Question of the Week: 3D Printing Tree Branches In Metal

By on January 28th, 2020 in question

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 California-based artist Kim Thoman
California-based artist Kim Thoman

This week’s question is from an artist requiring metal 3D prints

Kim Thoman is a California Bay Area artist and art professor who has been working for over 30 years. She has been 3D printing some sculptures for a few years, but now wishes to 3D print in metal. She asks: 

“I’d like to 3D print tree branches in metal. I work with a technician to create the files for 3D printing. These tree branches only need to be about 30 inches in length and about 3-4 inches thick.

I read about the new A1 company and type of printer and find that extremely exciting but I understand they are brand new. Yet, sometimes small new companies are interested in working with an artist to print something of interest.

Any other suggestions that you might have would be very helpful.”

[Note: Thoman is referring to a recent story in Fabbaloo where we looked at a new Russian startup company, A1 (or is it “AI”?) producing a highly unusual metal 3D printer they call Roll Powder Sintering. While promising, they are nowhere near making a commercial product yet, as far as I understand the state of affairs at AI.]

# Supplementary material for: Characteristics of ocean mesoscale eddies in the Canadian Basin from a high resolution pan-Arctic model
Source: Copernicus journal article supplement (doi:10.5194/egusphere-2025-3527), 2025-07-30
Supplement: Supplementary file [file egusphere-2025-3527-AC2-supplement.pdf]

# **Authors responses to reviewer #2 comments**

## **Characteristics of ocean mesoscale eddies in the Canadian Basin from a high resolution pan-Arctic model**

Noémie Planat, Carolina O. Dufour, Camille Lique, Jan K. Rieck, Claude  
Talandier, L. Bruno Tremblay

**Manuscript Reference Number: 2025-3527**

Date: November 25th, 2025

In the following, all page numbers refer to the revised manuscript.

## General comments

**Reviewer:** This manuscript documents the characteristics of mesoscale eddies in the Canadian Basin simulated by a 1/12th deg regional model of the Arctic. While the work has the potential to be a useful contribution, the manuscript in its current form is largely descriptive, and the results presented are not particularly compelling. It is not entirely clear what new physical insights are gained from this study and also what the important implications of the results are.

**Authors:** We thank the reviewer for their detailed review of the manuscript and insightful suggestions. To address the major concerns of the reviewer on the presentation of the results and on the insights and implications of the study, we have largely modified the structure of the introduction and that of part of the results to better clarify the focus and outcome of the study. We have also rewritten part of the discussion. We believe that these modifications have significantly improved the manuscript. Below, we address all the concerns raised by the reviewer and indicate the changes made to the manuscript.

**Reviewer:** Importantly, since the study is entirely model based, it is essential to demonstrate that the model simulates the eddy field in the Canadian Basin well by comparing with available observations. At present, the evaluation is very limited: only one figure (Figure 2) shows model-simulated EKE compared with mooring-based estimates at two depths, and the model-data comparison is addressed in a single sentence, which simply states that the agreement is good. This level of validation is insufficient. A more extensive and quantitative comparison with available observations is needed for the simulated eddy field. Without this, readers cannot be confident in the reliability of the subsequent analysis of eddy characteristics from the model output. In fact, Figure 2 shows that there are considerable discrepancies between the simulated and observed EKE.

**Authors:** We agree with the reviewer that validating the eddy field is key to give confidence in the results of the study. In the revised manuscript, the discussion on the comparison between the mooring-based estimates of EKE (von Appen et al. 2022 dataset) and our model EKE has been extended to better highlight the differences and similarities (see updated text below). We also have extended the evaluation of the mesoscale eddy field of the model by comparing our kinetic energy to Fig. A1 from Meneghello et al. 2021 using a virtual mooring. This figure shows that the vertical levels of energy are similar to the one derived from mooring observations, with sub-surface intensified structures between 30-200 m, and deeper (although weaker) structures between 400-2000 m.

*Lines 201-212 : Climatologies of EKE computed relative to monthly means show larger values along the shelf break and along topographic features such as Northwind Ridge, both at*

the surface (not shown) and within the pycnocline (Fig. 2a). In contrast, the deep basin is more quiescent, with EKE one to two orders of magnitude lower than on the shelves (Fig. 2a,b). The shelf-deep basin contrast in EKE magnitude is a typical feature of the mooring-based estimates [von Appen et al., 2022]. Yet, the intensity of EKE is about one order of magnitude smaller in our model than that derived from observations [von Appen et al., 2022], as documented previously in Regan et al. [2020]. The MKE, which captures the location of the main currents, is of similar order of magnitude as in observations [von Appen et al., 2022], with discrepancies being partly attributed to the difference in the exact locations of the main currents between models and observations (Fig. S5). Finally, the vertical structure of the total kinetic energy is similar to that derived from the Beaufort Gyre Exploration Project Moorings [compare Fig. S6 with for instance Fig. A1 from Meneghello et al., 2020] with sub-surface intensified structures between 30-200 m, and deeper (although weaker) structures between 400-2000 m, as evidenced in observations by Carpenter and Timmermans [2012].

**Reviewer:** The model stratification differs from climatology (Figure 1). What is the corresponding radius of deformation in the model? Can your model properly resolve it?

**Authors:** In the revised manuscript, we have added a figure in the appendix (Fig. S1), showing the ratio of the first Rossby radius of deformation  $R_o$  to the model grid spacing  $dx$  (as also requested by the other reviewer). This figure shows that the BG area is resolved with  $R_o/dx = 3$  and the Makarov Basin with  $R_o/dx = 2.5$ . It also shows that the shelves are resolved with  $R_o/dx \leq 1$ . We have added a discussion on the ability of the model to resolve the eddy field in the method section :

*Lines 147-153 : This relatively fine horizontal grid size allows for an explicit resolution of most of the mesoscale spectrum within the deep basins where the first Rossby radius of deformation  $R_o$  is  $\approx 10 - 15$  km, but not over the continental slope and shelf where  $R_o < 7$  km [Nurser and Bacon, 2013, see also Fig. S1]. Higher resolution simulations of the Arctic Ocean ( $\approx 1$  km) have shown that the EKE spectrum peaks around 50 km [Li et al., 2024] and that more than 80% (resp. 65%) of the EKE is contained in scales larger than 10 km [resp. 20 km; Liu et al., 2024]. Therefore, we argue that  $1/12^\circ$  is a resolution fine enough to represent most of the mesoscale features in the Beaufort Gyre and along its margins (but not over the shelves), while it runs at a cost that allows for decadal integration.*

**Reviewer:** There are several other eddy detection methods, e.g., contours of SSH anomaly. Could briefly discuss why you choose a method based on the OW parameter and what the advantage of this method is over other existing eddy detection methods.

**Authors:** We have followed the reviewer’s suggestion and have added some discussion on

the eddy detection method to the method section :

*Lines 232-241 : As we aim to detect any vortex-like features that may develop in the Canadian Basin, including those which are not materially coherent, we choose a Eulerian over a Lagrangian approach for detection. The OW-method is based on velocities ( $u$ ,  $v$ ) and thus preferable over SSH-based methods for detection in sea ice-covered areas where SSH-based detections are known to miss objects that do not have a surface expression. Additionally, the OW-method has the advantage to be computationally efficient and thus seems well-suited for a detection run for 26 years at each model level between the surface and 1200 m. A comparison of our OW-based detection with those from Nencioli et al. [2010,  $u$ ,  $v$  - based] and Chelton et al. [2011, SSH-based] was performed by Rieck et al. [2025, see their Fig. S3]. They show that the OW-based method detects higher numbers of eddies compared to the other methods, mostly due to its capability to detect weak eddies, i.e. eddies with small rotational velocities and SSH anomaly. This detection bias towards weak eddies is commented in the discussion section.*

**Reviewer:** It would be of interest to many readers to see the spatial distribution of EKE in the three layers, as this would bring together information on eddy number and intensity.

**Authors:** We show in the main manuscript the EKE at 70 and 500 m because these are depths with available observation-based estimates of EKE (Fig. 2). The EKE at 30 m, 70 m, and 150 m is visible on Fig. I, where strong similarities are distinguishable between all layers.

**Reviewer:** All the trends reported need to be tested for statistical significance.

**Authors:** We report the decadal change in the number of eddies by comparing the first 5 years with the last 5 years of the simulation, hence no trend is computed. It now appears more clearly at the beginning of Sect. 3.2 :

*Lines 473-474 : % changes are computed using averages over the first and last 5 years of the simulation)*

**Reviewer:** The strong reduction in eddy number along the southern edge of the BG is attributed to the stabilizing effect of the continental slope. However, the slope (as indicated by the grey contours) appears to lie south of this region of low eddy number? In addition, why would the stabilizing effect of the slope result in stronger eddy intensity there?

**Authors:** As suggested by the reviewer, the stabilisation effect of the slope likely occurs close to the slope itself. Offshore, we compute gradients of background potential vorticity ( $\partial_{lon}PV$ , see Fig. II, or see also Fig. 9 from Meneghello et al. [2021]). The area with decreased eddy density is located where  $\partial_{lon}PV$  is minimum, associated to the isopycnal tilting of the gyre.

Here is a look at the work that Thoman wishes to 3D print, or at least the branchy-portions of the sculpture:

 This artistic work needs to 3D print the branches in metal material [Source: Kim Thoman]
This artistic work needs to 3D print the branches in metal material [Source: Kim Thoman]

This is quite an interesting design. From the looks of the scene, it appears that each branch could be individually 3D printed, and then attached to the central frame to create the illusion of an entire tree. It’s quite an amazing!

I can certainly understand why you’d want these in metal, as they are quite lengthy and might snap if made from typical thermoplastics when moved or abusively touched by careless gallery visitors.